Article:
We tested the 2022 Suzuki Hayabusa for two days on the street and on the track in Utah. It’s insanely fast, makes a ton of velvety smooth power at all times, and handles well for a 582-pound sportbike. Check it out in our video review:
Moto Guzzi is celebrating 100 years of continuous production this year. Its updated V7 Stone is available in a special Centenario edition for 2021 that’s a tribute to Moto Guzzi’s Otto cilindri V-8 GP racer, which went over 170 mph in 1955. The Centenario livery, with a silver tank, green fenders and side panels, a brown seat, and special badging, is also available on 2021 Moto Guzzi V85 TT and V9 Bobber models for an extra $200.
For 2021, the V7 Stone ($8,990) and V7 Special ($9,490) have a larger 853cc V-twin that makes 65 horsepower at 6,800 rpm and 54 lb-ft of torque at 5,000 rpm, measured at the crank. Other updates include reduced effort from the single-disc dry clutch; a stiffer frame and a bigger swingarm with a new bevel gear for the cardan shaft drive; revised damping and a longer stroke for the preload-adjustable rear shocks; an updated ABS module; a wider rear tire (now 150/70-17); vibration-damping footpegs; a thicker passenger seat; an updated styling.
The 2021 Moto Guzzi V7 Stone is solid, predictable, carefree. Find out more by watching our video review:
On April 8, 2021, at 8:47 p.m. near Sarasota, Florida, my 2001 Honda Aero 1100, a trusted traveling companion for the last 14 years, met its unceremonious end when the driver of a car ran a red left-turn arrow and crossed my lane of travel.
I bought my Aero in 2007, and ended up owning it longer than I’ve owned any other motorcycle. To say that it was a great bike is a major understatement. The Aero was steadfast, reliable and enjoyable for many magnificent motorcycle tours. Recently I had the thought that it might be the last motorcycle I’d ever own. Drawn to its classic styling, even after a decade and a half owning the bike, I would still smile when I looked at it parked in the garage.
Yeah, okay, so I loved the bike.
When I bought the Aero in 2007, it already had a windshield, auxiliary lights and highway bars, and within a short time I added a Corbin seat, Champion hard saddlebags and a throttle lock. Once outfitted, the bike was completely comfortable and suited for long-distance travel. I rode many 12-hour-plus days without complaint. Together, we logged nearly 100,000 miles from coast to coast.
Some of the best of these rides have been documented in the pages of Rider. Riding the Aero the entire length of the Blue Ridge Parkway culminated in my first article published in the magazine, “A Ride on the Ridge,” in the July 2009 issue. Living in the Atlanta area for many years, we explored well-known roads, like Tail of the Dragon and the Cherohala Skyway, and hidden gems throughout the Southeast.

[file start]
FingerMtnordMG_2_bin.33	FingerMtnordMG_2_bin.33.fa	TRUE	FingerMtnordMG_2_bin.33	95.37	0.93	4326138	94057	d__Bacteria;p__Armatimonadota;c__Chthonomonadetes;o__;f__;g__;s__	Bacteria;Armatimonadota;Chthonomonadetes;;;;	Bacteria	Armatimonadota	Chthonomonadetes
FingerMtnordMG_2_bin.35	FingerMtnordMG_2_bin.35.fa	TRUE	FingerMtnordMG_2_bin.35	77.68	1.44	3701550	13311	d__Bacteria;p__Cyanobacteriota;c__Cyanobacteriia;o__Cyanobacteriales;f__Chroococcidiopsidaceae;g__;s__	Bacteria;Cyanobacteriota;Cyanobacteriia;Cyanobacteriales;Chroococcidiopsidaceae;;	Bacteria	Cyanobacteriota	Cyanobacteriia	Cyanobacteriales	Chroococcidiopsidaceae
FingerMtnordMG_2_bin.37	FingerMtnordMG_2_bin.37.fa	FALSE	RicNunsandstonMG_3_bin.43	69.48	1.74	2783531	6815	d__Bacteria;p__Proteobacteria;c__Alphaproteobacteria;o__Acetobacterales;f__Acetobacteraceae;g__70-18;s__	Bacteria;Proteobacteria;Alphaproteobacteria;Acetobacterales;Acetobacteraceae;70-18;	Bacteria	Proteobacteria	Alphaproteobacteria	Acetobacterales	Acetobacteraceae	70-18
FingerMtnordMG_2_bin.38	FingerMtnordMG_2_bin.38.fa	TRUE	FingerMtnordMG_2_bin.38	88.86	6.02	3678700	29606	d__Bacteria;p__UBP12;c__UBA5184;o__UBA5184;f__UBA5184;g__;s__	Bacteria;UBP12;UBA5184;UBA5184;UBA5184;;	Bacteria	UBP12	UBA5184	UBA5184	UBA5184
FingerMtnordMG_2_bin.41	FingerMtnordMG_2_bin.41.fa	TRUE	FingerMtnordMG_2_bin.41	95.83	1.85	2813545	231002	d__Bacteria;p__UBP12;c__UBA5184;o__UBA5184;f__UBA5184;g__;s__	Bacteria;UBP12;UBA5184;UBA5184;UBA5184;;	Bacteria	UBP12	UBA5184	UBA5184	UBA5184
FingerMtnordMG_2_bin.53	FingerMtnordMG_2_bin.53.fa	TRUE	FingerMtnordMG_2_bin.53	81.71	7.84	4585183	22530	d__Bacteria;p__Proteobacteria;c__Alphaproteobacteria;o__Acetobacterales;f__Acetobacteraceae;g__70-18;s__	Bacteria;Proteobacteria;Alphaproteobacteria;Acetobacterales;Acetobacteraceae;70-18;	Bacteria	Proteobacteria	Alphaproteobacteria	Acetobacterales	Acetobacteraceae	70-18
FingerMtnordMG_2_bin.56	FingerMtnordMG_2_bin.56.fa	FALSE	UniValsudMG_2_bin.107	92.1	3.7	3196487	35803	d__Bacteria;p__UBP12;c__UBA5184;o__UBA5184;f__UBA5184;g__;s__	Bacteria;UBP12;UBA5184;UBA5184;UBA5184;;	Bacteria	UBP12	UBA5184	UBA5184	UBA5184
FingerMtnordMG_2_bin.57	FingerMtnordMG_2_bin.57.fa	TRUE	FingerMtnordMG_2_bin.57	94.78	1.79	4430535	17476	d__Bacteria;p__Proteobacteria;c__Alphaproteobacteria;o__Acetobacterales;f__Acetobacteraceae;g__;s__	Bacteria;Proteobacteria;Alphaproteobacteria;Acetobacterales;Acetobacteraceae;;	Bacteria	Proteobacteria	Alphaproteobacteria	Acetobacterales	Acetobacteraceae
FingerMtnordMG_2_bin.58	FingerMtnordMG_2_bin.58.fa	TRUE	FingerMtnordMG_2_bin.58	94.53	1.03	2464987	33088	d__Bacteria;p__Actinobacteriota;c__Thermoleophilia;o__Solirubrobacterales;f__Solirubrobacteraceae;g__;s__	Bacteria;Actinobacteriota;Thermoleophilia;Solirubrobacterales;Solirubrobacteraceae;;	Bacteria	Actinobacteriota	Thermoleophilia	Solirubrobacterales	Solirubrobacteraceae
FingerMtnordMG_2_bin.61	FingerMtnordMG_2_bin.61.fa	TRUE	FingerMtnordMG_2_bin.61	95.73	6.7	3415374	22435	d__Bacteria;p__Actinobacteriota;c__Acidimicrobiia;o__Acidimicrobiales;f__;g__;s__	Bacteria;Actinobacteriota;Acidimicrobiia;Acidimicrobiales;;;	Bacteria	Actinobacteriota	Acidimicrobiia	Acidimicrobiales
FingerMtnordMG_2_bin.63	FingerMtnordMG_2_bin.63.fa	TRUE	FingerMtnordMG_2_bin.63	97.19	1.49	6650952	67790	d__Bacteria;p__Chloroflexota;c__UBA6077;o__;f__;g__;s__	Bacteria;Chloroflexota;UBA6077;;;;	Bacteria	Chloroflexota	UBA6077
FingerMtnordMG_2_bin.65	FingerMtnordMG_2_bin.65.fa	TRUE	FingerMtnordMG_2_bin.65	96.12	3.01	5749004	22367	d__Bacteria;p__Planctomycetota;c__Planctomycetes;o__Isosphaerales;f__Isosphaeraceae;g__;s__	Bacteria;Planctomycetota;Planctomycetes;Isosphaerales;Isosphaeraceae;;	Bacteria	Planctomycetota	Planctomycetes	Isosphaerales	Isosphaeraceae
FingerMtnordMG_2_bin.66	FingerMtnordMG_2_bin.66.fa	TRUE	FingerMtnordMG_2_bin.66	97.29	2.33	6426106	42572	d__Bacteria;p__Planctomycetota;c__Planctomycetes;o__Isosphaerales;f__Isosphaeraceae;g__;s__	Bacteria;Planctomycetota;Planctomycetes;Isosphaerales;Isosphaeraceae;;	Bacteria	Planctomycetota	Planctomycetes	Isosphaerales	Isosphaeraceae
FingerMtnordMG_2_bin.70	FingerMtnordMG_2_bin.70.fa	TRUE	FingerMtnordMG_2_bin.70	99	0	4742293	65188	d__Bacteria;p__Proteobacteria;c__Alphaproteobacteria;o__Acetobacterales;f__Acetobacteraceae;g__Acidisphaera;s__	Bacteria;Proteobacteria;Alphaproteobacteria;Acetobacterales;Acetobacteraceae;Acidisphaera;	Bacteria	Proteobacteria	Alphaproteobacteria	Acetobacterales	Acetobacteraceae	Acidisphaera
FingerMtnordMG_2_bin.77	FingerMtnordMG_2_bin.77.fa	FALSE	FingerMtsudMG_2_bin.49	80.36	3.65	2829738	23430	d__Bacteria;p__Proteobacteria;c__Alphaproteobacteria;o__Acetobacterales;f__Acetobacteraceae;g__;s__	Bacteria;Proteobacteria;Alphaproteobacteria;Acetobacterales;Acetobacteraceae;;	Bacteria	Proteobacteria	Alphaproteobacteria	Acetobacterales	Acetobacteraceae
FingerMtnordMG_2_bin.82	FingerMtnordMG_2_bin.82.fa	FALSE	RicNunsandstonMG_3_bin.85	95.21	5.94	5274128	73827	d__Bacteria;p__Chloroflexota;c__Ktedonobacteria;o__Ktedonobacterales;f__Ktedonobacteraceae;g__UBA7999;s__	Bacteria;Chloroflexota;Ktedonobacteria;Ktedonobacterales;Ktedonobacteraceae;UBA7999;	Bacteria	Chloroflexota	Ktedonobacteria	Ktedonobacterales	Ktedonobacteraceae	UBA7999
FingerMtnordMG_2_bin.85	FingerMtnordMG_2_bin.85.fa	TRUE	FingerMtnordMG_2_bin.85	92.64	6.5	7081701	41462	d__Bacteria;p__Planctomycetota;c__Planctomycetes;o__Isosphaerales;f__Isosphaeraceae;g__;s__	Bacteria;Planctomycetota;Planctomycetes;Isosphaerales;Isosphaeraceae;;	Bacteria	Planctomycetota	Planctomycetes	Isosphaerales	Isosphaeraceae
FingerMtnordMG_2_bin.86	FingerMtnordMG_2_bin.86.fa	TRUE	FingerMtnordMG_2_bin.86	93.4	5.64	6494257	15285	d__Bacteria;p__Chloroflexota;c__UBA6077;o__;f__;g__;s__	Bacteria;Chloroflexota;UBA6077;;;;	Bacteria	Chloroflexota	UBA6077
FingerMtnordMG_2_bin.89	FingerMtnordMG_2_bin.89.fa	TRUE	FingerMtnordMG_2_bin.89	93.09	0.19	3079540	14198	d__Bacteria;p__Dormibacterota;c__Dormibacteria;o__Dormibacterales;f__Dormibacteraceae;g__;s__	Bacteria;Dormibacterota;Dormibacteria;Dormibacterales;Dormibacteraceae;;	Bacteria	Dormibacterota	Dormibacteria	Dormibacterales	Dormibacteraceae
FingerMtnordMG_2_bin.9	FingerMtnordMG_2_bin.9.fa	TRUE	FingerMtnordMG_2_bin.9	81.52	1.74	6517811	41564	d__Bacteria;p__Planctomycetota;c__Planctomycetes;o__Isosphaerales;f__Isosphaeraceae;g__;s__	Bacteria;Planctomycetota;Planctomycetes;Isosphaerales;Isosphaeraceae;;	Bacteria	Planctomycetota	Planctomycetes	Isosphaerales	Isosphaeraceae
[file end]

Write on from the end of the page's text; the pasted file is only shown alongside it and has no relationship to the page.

When I moved to Seattle, Washington, in 2010, I rode the Aero through the Ozarks, on Route 66 west of Flagstaff, over the Hoover Dam and through the Lake Mead National Recreation Area. While living in the Pacific Northwest, new routes up and around Mount Rainier, Mount St. Helens and the Cascades, as well as east into the high desert around Yakima took us through some of the most spectacular scenery I’ve ever seen. More unforgettable memories and and more features in Rider, such as “Olympic Peninsula, Motorcycle Heaven in the Northwest” (May 2012) and “The Cascade Loop” (January 2014).
One of my most memorable rides was taking the Aero the “back way” to Idaho on the Brownlee-Oxbow Highway, along the Snake River and into Hells Canyon. On all these rides, through hundreds of hours and countless miles through some of the most deserted roads in America, I never doubted that the Honda would get me there and back. Many times I patted its tank like a cowboy pats his horse.
In 2016, at a career dead end and financially tapped out, I moved to southwest Florida, where my extended family lived. With no income, hustling to find a job and get back on my feet, the logical thing to do was sell the bike. Sadly I did, but I told the buyer, “When you buy your Harley” — everyone rides them here — “I want first call on buying it back.” Fourteen months later, my Aero came back home.
Our last tour was just a few weeks ago, a whirlwind five-day, 1,000-mile ride around northern Florida, with overnight stays in Cedar Key, Apalachicola, Jacksonville and Crescent Beach. A lovely ride.
But now it’s gone. Due to a split-second error by an impatient driver, the Aero suffered terminal front-end damage. It’s never easy to say goodbye to those we love. My Aero will be missed, but I’ll always have great memories of our years and miles together.